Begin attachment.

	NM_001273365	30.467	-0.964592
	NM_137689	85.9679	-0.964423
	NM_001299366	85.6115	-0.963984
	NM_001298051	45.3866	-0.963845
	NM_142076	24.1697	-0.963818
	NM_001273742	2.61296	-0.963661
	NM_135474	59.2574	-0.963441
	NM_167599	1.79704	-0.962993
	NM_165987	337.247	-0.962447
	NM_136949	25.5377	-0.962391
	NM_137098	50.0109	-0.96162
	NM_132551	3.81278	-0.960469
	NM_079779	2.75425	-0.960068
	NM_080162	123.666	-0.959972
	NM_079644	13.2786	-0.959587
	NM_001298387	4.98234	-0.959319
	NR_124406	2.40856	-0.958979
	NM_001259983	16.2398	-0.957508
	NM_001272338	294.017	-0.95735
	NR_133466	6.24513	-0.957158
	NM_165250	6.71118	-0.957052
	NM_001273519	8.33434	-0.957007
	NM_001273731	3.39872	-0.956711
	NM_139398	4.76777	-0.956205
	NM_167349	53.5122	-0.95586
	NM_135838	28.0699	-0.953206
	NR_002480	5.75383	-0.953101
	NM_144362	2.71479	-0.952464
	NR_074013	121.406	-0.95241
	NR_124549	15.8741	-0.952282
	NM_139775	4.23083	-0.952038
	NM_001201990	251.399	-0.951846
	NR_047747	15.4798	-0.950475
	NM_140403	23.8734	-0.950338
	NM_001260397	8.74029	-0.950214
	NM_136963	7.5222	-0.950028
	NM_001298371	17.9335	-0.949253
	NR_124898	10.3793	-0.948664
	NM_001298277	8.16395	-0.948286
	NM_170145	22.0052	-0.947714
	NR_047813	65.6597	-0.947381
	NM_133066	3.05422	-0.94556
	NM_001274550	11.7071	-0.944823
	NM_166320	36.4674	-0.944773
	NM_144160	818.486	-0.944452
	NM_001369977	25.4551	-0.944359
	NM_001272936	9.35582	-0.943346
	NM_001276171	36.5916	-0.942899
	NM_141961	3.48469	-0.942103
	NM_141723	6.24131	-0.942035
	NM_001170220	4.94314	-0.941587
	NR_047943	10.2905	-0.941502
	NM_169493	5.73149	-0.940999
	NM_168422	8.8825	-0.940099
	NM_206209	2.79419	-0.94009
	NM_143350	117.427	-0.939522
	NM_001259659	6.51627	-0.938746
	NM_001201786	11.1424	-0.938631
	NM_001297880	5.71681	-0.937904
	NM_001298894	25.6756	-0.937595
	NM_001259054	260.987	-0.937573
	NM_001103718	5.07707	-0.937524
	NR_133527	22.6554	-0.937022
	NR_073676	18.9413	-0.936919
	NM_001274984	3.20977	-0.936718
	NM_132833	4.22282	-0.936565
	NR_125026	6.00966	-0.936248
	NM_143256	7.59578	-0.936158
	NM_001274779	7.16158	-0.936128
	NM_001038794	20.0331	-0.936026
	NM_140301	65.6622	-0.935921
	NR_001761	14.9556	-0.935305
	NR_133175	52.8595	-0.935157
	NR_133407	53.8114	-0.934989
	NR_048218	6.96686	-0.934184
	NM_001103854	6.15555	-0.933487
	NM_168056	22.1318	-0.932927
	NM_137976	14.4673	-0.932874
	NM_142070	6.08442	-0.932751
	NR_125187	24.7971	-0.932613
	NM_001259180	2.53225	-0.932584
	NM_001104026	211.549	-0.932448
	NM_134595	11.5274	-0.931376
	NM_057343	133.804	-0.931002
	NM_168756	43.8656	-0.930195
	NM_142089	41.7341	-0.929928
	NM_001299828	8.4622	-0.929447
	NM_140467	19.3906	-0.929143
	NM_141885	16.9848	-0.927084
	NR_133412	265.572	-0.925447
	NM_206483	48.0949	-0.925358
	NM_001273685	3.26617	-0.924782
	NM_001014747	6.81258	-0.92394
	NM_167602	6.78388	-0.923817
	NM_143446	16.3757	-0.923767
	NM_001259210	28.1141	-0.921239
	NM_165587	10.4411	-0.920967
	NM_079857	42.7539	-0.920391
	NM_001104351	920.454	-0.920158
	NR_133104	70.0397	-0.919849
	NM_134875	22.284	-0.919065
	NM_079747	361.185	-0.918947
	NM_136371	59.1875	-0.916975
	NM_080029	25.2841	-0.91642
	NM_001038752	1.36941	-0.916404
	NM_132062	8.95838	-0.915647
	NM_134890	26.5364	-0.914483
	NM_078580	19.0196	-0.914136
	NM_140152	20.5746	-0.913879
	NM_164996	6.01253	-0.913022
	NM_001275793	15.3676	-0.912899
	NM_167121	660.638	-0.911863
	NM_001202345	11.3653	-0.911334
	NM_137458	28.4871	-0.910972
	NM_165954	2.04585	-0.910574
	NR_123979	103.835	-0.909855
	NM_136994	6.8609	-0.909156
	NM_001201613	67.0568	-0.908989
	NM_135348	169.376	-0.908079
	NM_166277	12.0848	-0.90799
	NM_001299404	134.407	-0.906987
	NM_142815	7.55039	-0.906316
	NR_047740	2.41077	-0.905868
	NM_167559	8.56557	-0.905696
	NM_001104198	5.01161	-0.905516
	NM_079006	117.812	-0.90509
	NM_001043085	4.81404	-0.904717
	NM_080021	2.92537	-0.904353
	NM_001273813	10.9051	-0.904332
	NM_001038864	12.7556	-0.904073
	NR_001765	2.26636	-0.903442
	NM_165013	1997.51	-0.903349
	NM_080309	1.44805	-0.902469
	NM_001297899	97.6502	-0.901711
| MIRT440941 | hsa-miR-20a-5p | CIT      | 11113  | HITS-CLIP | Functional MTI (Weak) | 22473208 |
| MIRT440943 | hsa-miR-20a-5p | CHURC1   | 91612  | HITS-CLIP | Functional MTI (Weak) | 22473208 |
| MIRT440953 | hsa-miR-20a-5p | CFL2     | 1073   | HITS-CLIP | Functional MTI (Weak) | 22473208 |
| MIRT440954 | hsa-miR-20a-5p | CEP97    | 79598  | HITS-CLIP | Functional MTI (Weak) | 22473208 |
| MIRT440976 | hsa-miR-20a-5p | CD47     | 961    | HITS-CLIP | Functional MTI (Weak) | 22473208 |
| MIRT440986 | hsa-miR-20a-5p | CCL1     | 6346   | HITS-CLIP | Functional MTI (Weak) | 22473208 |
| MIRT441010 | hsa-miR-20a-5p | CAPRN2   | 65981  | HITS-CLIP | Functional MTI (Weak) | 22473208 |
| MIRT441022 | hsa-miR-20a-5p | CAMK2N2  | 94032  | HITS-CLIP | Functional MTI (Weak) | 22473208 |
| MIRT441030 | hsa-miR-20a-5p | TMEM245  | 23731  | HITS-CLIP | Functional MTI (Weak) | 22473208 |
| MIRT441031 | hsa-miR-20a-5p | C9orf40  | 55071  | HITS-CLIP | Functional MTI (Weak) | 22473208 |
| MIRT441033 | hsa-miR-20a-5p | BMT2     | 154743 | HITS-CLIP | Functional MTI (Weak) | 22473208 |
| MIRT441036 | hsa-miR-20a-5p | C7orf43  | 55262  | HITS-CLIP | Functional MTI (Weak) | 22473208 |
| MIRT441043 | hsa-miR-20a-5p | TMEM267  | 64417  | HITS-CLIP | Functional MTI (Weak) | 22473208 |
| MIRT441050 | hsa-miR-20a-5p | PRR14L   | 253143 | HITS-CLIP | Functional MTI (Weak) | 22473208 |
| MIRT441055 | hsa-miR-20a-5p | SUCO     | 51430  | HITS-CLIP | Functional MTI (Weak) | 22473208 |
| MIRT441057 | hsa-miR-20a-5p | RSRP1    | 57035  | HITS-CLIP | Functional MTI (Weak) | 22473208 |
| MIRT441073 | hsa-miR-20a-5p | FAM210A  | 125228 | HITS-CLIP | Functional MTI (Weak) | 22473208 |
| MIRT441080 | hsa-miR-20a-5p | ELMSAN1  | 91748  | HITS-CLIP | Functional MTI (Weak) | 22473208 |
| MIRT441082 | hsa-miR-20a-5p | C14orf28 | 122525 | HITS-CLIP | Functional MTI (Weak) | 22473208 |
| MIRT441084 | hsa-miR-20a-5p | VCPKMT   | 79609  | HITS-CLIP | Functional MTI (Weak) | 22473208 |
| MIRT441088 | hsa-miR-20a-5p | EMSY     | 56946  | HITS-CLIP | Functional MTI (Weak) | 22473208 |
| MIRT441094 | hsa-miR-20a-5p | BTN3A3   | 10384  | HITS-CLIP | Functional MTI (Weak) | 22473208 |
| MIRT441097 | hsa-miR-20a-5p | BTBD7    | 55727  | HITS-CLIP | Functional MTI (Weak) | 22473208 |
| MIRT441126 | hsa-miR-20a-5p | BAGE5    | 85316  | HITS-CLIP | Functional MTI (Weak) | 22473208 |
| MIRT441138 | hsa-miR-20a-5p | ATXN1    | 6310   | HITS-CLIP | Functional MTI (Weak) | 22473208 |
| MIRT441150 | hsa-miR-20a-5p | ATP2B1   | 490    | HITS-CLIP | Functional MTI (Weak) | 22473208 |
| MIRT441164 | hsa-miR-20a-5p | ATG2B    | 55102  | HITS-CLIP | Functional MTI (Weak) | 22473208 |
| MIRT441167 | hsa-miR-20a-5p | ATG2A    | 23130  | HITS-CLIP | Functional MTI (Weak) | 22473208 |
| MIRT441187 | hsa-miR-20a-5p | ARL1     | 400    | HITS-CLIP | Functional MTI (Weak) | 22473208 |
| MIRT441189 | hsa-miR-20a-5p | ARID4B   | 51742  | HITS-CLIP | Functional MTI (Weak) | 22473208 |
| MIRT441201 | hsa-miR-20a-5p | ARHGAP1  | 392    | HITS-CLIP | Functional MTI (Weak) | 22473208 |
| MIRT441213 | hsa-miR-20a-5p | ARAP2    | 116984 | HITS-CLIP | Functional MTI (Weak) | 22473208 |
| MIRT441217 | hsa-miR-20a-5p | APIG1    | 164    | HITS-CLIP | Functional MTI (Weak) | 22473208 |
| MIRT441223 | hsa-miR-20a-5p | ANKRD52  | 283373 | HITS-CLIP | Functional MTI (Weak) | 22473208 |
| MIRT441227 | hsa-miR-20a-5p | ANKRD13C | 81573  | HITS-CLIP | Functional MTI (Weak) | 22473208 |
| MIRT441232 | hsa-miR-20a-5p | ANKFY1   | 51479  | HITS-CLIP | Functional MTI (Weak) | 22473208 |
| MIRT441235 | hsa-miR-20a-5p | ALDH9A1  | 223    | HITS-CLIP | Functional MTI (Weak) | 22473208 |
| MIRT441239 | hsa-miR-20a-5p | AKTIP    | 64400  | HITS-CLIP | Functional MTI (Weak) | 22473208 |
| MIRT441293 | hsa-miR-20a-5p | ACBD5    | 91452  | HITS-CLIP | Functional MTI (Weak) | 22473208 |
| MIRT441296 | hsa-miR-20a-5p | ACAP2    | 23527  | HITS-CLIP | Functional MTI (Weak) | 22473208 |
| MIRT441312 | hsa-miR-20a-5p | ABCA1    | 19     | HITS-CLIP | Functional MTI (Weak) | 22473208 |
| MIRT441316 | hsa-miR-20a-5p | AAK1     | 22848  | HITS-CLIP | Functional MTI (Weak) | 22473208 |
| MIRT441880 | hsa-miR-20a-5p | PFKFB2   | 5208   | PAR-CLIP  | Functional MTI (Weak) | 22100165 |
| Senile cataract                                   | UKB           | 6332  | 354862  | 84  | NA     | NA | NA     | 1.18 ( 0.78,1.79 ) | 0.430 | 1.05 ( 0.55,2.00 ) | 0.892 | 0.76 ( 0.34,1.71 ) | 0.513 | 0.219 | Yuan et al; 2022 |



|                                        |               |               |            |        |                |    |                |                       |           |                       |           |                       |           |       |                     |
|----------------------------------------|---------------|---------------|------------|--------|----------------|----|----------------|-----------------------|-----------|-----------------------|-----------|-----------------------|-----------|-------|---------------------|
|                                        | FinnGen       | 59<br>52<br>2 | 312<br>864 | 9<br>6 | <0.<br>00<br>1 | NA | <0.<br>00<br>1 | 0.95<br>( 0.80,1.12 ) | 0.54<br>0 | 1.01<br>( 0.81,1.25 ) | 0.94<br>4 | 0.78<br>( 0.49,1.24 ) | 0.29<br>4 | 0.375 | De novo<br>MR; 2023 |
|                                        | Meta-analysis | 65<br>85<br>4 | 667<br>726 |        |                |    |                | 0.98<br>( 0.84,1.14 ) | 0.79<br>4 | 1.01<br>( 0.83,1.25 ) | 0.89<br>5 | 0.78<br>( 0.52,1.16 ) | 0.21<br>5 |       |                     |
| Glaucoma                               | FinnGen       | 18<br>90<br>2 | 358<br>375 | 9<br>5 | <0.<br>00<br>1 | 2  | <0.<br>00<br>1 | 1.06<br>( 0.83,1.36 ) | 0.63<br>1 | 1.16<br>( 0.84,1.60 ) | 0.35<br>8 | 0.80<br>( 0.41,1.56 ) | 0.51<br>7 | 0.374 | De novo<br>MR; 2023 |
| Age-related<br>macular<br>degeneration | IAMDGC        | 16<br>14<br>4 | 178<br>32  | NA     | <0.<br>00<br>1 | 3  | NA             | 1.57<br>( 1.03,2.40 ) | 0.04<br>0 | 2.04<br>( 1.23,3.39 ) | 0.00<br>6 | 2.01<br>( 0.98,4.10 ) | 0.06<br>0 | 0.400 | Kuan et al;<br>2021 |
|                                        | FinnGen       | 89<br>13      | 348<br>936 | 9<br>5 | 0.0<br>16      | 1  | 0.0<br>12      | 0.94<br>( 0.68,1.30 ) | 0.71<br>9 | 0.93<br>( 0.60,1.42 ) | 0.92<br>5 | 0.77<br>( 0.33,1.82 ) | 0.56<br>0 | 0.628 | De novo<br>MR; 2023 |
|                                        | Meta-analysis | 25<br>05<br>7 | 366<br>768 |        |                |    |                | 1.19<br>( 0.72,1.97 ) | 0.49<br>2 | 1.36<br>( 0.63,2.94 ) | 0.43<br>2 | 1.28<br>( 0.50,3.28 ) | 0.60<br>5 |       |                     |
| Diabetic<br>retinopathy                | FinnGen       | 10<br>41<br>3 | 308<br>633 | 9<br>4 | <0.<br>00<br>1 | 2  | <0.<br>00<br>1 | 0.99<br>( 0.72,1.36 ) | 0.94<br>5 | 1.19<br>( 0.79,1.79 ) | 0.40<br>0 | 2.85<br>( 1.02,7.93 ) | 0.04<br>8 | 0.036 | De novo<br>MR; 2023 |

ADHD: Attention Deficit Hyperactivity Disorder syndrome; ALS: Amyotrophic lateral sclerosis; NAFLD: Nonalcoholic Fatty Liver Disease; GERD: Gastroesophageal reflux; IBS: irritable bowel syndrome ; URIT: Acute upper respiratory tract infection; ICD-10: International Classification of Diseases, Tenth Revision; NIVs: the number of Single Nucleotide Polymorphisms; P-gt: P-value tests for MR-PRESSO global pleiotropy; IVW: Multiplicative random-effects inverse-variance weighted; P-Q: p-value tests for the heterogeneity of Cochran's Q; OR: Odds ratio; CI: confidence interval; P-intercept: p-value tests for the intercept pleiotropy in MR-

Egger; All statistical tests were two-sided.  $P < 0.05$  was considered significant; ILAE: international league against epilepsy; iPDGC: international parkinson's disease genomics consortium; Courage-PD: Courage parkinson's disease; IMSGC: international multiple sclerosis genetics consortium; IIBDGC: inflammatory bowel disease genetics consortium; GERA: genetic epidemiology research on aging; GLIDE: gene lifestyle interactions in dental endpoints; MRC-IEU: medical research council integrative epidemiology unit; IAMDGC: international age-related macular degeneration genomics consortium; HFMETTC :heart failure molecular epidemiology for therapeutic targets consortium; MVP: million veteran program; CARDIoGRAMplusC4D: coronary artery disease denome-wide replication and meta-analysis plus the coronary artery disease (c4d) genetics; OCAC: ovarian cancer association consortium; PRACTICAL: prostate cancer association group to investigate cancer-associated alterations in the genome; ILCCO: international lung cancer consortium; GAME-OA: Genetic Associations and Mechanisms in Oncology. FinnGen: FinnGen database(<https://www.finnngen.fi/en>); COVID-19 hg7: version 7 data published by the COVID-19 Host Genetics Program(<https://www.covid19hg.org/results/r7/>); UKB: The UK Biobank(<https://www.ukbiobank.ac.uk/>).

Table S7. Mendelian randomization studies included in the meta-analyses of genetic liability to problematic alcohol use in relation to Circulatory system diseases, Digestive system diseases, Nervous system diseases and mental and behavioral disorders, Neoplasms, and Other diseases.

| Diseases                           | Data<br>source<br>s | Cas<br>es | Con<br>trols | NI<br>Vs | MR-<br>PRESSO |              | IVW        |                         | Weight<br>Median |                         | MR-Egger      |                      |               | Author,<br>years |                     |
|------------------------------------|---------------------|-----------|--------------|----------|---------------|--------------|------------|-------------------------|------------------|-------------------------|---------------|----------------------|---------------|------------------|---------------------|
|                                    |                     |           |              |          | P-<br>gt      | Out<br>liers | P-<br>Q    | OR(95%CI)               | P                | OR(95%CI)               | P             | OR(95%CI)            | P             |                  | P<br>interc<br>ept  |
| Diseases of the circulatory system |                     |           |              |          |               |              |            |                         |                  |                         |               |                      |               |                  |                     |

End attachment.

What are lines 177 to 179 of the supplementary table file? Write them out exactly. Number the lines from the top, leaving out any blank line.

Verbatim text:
| MIRT441880 | hsa-miR-20a-5p | PFKFB2   | 5208   | PAR-CLIP  | Functional MTI (Weak) | 22100165 |
| Senile cataract                                   | UKB           | 6332  | 354862  | 84  | NA     | NA | NA     | 1.18 ( 0.78,1.79 ) | 0.430 | 1.05 ( 0.55,2.00 ) | 0.892 | 0.76 ( 0.34,1.71 ) | 0.513 | 0.219 | Yuan et al; 2022 |



|                                        |               |               |            |        |                |    |                |                       |           |                       |           |                       |           |       |                     |